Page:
My Quick Thoughts About “In The Heights”


a) Lin-Manuel Miranda reminds me how Ta-Nehisi Coates described Barack Obama: an activist, not a protester. (Nice move he made with NPR’s Maria Hinojosa to get some intellectual/activist cred! :)) This is the most thoroughly gentle–even if ever-present!–film portrayal of systemic white supremacy I’ve seen on film. Miranda, who loves 20th-century white popular culture at least as much as I do 🙂 , does NOT want to upset Whitey, EVER. 🙂 Having said that, I enjoyed seeing the undocumented struggle included in this. It shows how, like Coates, he is VERY careful. 
b) This story is highly cultural–very BROWN, the way Hamilton is (ironically!) very WHITE. (I can see Miranda on that Heights vacation, reading that Ron Chernow bio and going: “Yes! I can now go completely in a new and opposite direction, like an artist should! Past instead of presentwhite instead of Black/Brown, historical narrative instead of love letter, naked, individual ambition instead of family/community survival, birth of a nation instead of death of a neighborhood!”) As a concept, Hamilton makes a LOT of sense to me now. You can clearly see the themes in both New York-centric, immigrant-centric musicals that attract Miranda–the power of personal drive and dreams with/versus sacrificial commitment to family and community, etc.
c) Whether it is culturally stereotypical I will leave for Brown people to discuss. To this outsider, it looks like he’s trying to hit EVERY cultural mark. 
d) Because Hamilton was first for me, this seemed like a workshop to test out the style he would perfect with the slaveholders. 🙂

JUNE 12th UPDATE: So now that I’ve laid my issues on the table, I will admit he’s a FREAKIN’ GENIUS!!! Have you seen the teaser (below) for his directorial debut?!? And the Oscar goes to…. 😉 The year 2021 is only halfway through, and he’s already its savior!! LOL!!!

Asante Sana, Bill McCreary….

Bill McCreary

….for so many things: “The McCreary Report,” “Black News” and your being in charge of WLIB-AM news in the early 1960s. That was when you hired some guy named Gil Noble.

MOVE Organization Press Conference (4-26-21)

UPDATE: MOVE Protest on 4-28-21:

UPDATE: Some of Democracy Now!‘s coverage:

https://www.democracynow.org/embed/story/2021/4/30/ivy_league_human_move_remains_scandal

https://www.democracynow.org/embed/story/2021/4/30/ethical_stewardship_african_american_remains

https://www.democracynow.org/2021/5/11/move_bombing_human_remains_controversy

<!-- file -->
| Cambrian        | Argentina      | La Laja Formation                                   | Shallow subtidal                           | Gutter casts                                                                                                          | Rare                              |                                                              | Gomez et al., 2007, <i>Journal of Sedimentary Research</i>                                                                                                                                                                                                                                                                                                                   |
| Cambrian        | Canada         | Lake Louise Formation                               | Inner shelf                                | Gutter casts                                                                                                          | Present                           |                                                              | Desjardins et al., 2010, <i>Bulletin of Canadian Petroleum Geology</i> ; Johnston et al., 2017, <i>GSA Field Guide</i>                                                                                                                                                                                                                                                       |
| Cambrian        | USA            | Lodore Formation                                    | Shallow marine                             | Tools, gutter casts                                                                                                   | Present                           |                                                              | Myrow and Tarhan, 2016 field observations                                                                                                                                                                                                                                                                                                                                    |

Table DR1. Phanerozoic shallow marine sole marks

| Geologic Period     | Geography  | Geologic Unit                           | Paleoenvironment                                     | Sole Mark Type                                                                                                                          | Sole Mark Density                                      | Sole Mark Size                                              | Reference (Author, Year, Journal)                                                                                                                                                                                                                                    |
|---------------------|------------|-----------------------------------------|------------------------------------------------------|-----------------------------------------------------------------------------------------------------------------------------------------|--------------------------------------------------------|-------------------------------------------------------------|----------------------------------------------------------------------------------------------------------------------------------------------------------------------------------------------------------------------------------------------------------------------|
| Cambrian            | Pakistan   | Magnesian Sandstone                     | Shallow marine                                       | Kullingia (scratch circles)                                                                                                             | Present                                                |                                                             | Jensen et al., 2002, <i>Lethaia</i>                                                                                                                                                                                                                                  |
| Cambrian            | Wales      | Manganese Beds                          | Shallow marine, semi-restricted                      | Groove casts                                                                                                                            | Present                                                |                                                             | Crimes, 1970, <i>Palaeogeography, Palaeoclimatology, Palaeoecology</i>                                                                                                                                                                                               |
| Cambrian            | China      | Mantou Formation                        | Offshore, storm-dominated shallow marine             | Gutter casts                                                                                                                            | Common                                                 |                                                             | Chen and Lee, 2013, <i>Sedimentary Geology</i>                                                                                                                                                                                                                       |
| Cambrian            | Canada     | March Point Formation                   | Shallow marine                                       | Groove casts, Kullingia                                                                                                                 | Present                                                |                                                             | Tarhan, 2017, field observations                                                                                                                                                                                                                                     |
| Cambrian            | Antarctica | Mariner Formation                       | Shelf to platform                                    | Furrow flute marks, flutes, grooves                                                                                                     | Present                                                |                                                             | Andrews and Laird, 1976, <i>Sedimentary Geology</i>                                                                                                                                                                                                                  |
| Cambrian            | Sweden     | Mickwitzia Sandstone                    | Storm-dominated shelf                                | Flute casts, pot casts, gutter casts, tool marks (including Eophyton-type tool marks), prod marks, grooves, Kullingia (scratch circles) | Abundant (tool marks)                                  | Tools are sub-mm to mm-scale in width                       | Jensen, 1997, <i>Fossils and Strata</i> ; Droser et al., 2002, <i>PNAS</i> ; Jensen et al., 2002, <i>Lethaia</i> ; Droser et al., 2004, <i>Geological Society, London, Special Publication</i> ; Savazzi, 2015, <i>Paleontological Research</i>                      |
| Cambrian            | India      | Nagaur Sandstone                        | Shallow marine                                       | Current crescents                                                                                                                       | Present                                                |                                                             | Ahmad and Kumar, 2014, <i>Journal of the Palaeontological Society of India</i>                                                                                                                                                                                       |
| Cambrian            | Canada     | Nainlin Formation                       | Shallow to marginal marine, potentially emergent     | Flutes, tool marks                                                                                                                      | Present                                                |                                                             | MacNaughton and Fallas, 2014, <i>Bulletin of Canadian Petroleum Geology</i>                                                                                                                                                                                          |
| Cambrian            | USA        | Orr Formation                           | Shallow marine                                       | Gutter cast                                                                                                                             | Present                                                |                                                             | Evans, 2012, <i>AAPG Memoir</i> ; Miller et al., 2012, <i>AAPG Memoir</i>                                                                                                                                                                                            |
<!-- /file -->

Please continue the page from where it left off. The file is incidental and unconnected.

229-Word Review of “Genius: Aretha”

It takes all eight hours to get the point of Season 3 of National Geographic’s “Genius,” profiling The Queen of Soul

At one point, Glenn Thurman shows Aretha Franklin The Trust Fall and it takes a little bit of internal work for Aretha to make it. But make it she does. Watching eight hours of Genius‘s third season requires a lot of trust in showrunner Suzan-Lori Parks, because the viewer has to wade through aaaa lottttt of Lifetime-type, music-biopic tropes to get to the core of Franklin’s story: She is a woman who is sometimes-comfortably trapped in concentric gender and music circles, pushing out only when they threaten her windpipe. Each burst-through creates its own cycles of searches. Aretha’s stoic speaking voice is the outer shell that hides deep insecurities but also hidden strengths. The seemingly endless flashbacks show where and why the holding patterns stick; her grown-ness comes in her 40s, as an unavoidable right-of-passage beckons. Parks has said she read all the books and articles, so while the hours went by this viewer had to trust that she was going in a direction worthy of so much (relatively) limited discussion of politics and society that seemingly dominated the show’s first two seasons. What the playwright has shown is how complicated the sexist male circles are to surmount–how it takes time and patience to wedge through, to prove oneself, to burst free into a full identity who can do anything–even sing opera on 15 minutes notice.

Amanda Gorman’s “The Hill We Climb” (Inauguration Poem)

This sure beats Maya Angelou’s “a rock, a river, a tree” 🙂

https://en.wikipedia.org/wiki/Amanda_Gorman

“The Hill We Climb”

When day comes we ask ourselves

Where can we find light in this never-ending shade?

The loss we carry,

A sea we must wade.

We braved the belly of the beast;

We’ve learned that quiet isn’t always peace.

And the norms and notions of what just is

Isn’t always justice.

And yet the dawn is ours before we knew it.

Somehow we do it;

Somehow we’ve weathered and witnessed

A nation that isn’t broken but simply unfinished.

We, the successors of a country and a time

Where a skinny black girl descended from slaves

And raised by a single mother can dream of becoming president,

Only to find herself reciting for one.

And yes we are far from polished, far from pristine,

But that doesn’t mean we aren’t striving to form a union that is perfect.